In B.C. - Upping Alcohol Prices by 10% Cuts Deaths by a Third
So what if that beer costs a few cents more…could a small price increase really affect people’s drinking habits?
Well, according to researchers at The University of Victoria’s Centre for Addictions Research, between 2002 and 2009 in British Columbia, Canada, a 10% increase in average minimum alcohol pricing resulted in a 32% drop in alcohol related deaths.
To come to this conclusion, the researchers sifted through provincial death medical records over the 7 year study period to identify people who died wholly or partly because of alcohol consumption, and they grouped these people into one of three categories:
- Completely Alcohol Caused Deaths – people who died from alcohol poisoning, fetal alcohol syndrome, alcoholic gastritis, alcohol psychosis, alcoholic pancreatitis and alcoholic cardiomyopathy
- Acute Alcohol Attributable Deaths – Alcohol related suicides and accidental injuries leading to death
- Chronic Alcohol Attributable Death – Deaths caused by chronic alcohol related diseases, such as cirrhosis of the liver and stomach, mouth, esophagus and breast cancers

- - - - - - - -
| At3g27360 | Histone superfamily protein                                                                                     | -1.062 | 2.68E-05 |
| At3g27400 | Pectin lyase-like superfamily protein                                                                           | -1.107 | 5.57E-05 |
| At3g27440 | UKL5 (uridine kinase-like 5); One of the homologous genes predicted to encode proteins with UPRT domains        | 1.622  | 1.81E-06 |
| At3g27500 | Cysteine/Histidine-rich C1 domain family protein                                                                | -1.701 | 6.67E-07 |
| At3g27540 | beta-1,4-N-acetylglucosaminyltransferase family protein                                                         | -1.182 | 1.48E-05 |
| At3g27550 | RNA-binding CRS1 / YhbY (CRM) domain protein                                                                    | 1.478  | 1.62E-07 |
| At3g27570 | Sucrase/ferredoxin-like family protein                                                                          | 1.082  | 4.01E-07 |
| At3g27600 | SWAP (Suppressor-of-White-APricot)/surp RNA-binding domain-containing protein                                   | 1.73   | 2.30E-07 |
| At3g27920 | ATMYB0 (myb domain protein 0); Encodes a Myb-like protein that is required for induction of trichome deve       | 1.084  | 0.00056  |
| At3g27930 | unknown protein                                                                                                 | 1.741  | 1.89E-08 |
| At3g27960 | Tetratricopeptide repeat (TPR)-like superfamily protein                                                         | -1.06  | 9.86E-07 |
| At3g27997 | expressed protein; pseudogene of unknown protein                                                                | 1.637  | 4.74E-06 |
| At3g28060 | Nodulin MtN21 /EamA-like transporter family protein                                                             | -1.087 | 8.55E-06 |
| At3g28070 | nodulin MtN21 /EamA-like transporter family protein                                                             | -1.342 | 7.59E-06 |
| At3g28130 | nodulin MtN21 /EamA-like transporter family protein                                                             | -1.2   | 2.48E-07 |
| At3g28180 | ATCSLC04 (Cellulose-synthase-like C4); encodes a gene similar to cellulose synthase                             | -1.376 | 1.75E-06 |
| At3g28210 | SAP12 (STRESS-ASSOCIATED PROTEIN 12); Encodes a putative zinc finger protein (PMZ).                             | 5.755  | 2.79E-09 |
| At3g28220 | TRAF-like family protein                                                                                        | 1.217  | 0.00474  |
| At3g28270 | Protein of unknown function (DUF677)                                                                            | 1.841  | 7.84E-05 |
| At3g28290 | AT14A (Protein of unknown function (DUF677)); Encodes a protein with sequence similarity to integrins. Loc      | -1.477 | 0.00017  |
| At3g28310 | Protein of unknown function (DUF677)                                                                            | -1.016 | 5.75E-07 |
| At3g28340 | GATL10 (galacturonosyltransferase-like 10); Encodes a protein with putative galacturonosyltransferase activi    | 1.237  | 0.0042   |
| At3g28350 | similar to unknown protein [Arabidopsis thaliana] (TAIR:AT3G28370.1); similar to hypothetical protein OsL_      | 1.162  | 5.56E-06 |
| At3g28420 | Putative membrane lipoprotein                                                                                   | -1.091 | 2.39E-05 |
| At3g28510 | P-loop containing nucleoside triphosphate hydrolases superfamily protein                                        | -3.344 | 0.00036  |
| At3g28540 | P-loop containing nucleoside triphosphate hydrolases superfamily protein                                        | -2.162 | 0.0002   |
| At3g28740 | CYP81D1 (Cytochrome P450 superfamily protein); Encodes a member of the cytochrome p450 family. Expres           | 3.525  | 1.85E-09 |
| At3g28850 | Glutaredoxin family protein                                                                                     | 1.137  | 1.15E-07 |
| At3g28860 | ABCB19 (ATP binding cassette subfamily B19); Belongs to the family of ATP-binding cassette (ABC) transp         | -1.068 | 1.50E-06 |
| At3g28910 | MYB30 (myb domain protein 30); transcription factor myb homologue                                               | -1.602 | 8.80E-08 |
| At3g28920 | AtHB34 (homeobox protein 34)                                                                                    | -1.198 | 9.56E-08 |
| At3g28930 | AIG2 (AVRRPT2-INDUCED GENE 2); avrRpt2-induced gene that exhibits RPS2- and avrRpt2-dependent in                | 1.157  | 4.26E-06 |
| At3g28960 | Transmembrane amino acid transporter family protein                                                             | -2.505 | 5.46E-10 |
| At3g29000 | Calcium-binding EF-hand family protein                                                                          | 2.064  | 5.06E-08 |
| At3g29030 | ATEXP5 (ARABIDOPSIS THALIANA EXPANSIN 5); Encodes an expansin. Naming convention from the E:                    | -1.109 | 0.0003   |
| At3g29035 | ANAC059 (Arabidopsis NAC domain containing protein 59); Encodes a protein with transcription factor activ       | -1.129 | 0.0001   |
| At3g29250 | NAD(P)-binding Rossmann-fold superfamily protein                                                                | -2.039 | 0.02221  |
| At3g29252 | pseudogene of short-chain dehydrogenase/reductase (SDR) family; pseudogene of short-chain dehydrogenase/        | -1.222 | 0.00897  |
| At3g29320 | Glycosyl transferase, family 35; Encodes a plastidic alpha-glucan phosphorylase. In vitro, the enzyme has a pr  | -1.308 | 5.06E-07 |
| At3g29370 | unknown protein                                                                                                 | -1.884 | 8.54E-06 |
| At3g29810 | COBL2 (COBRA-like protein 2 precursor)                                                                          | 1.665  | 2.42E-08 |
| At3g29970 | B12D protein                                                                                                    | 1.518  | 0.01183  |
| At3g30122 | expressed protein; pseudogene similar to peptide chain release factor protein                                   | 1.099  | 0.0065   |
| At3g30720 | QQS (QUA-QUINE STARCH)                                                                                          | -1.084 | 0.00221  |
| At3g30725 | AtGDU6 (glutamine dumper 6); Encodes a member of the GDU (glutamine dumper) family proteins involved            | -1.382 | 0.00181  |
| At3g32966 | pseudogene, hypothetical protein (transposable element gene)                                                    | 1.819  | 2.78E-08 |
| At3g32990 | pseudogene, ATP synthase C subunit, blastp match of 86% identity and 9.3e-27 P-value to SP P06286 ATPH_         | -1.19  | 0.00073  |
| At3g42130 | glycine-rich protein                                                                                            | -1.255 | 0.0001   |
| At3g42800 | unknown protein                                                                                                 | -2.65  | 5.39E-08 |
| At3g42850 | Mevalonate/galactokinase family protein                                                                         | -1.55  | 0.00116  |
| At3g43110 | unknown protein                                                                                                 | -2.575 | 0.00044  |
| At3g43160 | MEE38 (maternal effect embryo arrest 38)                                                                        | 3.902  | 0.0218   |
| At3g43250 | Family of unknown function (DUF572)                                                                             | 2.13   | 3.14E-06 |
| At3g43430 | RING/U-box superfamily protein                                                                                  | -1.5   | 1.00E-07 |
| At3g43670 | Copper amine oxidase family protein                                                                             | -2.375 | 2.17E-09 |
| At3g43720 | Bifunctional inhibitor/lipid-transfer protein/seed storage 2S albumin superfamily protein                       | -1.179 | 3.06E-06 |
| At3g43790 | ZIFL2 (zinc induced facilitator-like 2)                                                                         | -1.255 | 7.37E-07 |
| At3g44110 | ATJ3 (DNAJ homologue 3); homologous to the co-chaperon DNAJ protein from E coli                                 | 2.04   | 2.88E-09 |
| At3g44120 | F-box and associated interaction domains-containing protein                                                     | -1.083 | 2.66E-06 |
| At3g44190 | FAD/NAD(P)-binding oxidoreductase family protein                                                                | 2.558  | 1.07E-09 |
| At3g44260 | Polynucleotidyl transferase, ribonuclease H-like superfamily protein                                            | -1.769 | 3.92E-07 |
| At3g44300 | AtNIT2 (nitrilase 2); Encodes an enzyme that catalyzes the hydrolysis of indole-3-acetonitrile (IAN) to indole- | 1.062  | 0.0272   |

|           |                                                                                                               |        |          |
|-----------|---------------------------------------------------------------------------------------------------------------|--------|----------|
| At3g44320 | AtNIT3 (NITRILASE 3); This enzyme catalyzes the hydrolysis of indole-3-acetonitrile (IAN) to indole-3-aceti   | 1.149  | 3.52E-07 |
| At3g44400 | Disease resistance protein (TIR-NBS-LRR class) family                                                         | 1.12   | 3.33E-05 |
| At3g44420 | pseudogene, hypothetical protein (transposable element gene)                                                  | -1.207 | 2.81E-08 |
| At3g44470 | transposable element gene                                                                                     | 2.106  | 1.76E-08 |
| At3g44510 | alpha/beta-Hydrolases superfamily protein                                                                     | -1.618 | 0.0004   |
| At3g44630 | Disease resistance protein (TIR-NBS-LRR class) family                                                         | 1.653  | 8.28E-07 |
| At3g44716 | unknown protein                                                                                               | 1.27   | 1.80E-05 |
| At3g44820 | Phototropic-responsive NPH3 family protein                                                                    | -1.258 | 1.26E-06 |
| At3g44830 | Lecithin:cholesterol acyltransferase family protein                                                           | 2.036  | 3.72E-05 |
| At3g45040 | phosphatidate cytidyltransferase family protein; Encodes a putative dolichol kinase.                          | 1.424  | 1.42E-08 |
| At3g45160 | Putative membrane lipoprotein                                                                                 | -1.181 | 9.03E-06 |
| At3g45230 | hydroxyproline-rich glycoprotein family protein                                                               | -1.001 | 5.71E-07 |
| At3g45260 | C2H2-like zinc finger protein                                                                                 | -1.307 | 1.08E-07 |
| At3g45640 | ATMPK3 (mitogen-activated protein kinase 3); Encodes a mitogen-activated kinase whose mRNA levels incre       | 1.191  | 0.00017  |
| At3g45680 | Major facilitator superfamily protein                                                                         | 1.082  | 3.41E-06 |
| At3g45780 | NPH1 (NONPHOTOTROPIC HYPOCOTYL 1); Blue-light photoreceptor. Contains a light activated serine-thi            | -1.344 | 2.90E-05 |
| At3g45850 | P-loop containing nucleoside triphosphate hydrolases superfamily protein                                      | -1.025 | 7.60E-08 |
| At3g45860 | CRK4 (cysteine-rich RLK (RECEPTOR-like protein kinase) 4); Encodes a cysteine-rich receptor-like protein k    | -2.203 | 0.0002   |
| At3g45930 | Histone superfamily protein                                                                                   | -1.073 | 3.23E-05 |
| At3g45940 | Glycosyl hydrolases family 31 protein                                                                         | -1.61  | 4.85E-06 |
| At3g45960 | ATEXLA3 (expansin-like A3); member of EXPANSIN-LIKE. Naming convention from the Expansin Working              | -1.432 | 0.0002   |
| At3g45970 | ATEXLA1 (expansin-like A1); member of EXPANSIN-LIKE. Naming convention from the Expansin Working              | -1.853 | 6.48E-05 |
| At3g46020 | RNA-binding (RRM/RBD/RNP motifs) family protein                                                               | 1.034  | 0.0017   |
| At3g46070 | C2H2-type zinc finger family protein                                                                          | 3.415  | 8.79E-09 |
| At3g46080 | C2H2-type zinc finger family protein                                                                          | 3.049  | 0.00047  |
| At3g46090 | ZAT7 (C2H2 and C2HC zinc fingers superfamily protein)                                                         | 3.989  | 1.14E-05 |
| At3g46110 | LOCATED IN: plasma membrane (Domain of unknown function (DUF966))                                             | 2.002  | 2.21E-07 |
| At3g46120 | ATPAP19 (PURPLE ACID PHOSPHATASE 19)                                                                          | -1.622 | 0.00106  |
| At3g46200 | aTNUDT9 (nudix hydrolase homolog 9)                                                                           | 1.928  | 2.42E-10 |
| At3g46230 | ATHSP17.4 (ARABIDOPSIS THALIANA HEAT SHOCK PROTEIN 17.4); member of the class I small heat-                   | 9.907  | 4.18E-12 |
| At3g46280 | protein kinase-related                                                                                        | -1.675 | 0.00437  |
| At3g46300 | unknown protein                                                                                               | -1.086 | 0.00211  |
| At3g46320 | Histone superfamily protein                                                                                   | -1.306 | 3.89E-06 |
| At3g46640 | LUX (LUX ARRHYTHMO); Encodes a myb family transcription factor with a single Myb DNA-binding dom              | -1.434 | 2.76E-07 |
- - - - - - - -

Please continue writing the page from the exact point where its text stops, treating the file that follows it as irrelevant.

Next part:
Key Study Findings
Raising the average minimum price by 10%:
- Caused a 32% reduction in completely alcohol caused deaths
- Caused a substantial decrease in chronic alcohol deaths, though the death rate here didn’t start to go down until a couple of years following the introduction of raised minimum pricing
A common argument raised against upping average minimum alcohol pricing is that it punishes healthy consumers while failing to dissuade problem drinkers.
The researchers argue, however, that by raising the costs of the cheapest alcoholic drinks you decrease consumption most among the heaviest drinkers, who tend to buy these better ‘value’ alcoholic drinks.
Commenting on the findings, lead researcher Dr. Tim Stockwell notes, "This study adds to the scientific evidence that, despite popular opinion to the contrary, even the heaviest drinkers reduce their consumption when minimum alcohol prices increase. It is hard otherwise to explain the significant changes in alcohol-related deaths observed in British Columbia."
Read the full study results in the journal, Addiction.
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